The defendant Williams was indicted, tried and convicted of theft by receiving stolen property. The stolen property was a rare, German-made, three barrel shotgun and rifle combination valued at $1,500. The weapon was taken in the burglary of a home in Hart County, Georgia. Williams testified at trial that he had bought the gun from a heavy-set, bearded, "black-headed fellow" he had encountered at a motorcycle hill climbing event in South Carolina.
The trial judge instructed the jury "that recent possession of stolen property without satisfactory explanation is sufficient to establish criminal intent. I charge you further that, while proof of possession alone does not authorize the inference that the purchaser received it with knowledge that it was stolen; however, unexplained possession of recently stolen goods can be used in conjunction with other evidence to infer guilty knowledge . . ." (Emphasis supplied.) Williams concedes that the evidence was sufficient to support the verdict but appeals on the ground that the italicized portion of this charge was held erroneous in Higginbotham v. State, 124 Ga. App. 489 (3) (184 SE2d 231) (1971)
, and requires reversal.
Higginbotham rejected a charge that unexplained possession of recently stolen goods, standing alone, is sufficient to support an inference of guilty knowledge, which is an essential element of the crime of theft by receiving stolen property as defined by Code Ann. 26-1806(a). Watts v. State, 157 Ga. App. 214 (276 SE2d 884) (1981)
. The questionable language here concerned criminal intent rather than criminal knowledge and the court clarified that unexplained recent possession must be shown "in conjunction with other evidence to infer guilty knowledge," which is a correct statement of the law. Pate v. State, 158 Ga. App. 395 (1) (280 SE2d 414) (1981)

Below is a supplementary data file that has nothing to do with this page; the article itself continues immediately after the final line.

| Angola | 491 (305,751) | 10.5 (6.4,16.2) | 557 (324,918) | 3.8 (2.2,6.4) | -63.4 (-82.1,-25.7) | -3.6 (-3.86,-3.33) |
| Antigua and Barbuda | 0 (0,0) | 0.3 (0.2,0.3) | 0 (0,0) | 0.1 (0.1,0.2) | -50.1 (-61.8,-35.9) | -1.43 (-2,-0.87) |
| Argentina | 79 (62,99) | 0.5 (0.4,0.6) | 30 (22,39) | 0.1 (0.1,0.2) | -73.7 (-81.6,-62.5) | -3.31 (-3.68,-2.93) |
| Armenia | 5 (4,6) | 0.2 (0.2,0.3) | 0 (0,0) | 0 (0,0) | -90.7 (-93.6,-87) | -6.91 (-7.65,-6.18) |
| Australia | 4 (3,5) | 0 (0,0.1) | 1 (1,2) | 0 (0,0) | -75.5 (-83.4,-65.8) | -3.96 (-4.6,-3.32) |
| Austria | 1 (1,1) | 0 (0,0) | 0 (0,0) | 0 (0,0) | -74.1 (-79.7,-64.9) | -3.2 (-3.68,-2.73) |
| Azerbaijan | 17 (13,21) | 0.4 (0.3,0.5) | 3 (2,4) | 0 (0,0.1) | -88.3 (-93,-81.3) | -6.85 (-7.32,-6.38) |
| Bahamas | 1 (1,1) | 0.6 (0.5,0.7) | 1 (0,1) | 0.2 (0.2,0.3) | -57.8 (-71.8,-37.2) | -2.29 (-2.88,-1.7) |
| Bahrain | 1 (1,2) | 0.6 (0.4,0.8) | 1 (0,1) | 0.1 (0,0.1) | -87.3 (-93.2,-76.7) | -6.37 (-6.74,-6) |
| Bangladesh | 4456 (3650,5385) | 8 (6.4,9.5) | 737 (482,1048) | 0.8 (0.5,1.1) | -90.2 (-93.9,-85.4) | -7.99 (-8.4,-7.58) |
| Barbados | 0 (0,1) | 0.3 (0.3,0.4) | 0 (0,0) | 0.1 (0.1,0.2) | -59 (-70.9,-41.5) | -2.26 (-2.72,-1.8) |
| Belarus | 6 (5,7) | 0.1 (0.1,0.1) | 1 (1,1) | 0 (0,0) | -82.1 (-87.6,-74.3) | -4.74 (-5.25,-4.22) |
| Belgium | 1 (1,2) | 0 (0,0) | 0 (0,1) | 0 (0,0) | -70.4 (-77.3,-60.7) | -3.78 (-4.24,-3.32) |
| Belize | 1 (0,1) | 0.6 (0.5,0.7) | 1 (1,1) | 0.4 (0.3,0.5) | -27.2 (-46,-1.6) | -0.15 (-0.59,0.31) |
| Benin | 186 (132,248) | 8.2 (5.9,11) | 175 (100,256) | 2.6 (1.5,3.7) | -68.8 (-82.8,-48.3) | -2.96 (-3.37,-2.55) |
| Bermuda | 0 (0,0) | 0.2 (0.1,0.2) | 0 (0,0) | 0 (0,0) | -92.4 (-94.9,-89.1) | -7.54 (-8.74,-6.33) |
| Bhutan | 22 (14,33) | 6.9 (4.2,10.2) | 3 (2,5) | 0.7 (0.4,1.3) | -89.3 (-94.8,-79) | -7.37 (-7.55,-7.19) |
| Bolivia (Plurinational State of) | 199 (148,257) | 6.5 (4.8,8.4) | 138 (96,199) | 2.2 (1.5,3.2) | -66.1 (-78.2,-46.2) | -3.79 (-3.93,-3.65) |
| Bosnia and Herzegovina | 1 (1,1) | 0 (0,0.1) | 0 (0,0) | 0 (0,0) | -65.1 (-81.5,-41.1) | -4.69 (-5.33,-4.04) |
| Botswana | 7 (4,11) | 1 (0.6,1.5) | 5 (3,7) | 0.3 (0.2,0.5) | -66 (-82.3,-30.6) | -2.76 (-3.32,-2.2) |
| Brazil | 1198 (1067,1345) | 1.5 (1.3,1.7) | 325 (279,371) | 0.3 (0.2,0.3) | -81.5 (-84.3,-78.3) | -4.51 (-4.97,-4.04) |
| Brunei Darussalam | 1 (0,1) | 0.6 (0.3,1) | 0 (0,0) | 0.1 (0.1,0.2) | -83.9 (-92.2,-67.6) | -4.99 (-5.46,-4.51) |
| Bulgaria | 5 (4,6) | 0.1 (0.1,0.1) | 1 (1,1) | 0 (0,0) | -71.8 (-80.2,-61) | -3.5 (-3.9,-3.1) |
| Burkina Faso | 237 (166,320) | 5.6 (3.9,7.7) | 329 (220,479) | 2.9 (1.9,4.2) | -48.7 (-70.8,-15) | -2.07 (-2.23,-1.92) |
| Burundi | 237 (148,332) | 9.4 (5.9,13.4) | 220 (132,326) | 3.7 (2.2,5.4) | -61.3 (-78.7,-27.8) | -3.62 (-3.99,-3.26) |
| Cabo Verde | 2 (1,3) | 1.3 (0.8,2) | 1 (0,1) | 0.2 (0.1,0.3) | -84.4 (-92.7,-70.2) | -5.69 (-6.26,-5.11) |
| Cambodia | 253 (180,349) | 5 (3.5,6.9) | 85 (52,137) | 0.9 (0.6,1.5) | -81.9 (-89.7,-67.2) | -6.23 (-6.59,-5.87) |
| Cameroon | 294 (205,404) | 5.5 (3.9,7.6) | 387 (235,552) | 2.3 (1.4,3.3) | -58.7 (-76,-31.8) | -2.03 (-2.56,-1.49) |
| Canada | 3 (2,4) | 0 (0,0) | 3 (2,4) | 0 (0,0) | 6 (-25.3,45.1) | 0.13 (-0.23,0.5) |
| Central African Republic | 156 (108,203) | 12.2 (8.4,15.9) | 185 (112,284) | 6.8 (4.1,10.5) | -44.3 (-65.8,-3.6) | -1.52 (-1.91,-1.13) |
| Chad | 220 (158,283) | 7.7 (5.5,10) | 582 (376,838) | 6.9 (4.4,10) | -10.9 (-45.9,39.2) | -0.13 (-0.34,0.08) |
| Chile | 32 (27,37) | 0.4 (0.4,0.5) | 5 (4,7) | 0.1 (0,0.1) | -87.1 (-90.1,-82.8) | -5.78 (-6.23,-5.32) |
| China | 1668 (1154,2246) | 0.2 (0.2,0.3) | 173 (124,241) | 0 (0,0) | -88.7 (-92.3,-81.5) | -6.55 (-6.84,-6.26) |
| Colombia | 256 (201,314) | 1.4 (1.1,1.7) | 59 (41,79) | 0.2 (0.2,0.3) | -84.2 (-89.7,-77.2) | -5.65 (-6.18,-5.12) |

; James v. State, 150 Ga. App. 357 (1) (258 SE2d 40) (1979)
. Compare Galloway v. State, 157 Ga. App. 85 (2) (276 SE2d 135) (1981)
. However, even though the court also fully and properly instructed on the burden of proving criminal intent pursuant to Code Ann. 26-604 and 26-605, the portion of the charge objected to was nevertheless incorrect. Intent is an essential element of all crimes, and our Criminal Code emphasizes that the process of ascertaining mens rea or criminal intention entails a careful evaluation of all relevant circumstances surrounding the act for which the accused is prosecuted. Code Ann. 26-601; see generally Committee Notes, Code Ann. Ch. 26-6.
" 'Inaccuracies in a charge which do not mislead or obscure meaning, do not require a new trial.' [Cit.] However, this is not just an inaccurate charge. The court gave two conflicting charges. We have no way of knowing which one the jury chose to follow. ' "[T]he court should not give conflicting rules of law in charge and leave the jury to choose between them; where an erroneous statement is made it is not cured by a correct statement in another portion of the charge unless the jury's attention is called to the correction by a retraction of the erroneous statement or in some other like manner." ' [Cit.] There was no correction or retraction of the incorrect charge." Johnson v. State, 148 Ga. App. 702
, 704 (252 SE2d 205
"In the instant case there was other evidence which, if believed by the jury, would have authorized the jury to infer guilty knowledge [or criminal intent]. However, such a finding was not demanded, and since the evidence did not demand a guilty verdict, the error in the charge cannot be said to be harmless." Higginbotham, supra at 490.
J. Cleve Miller, District Attorney, Lindsey Tise, Assistant District Attorney, for appellee.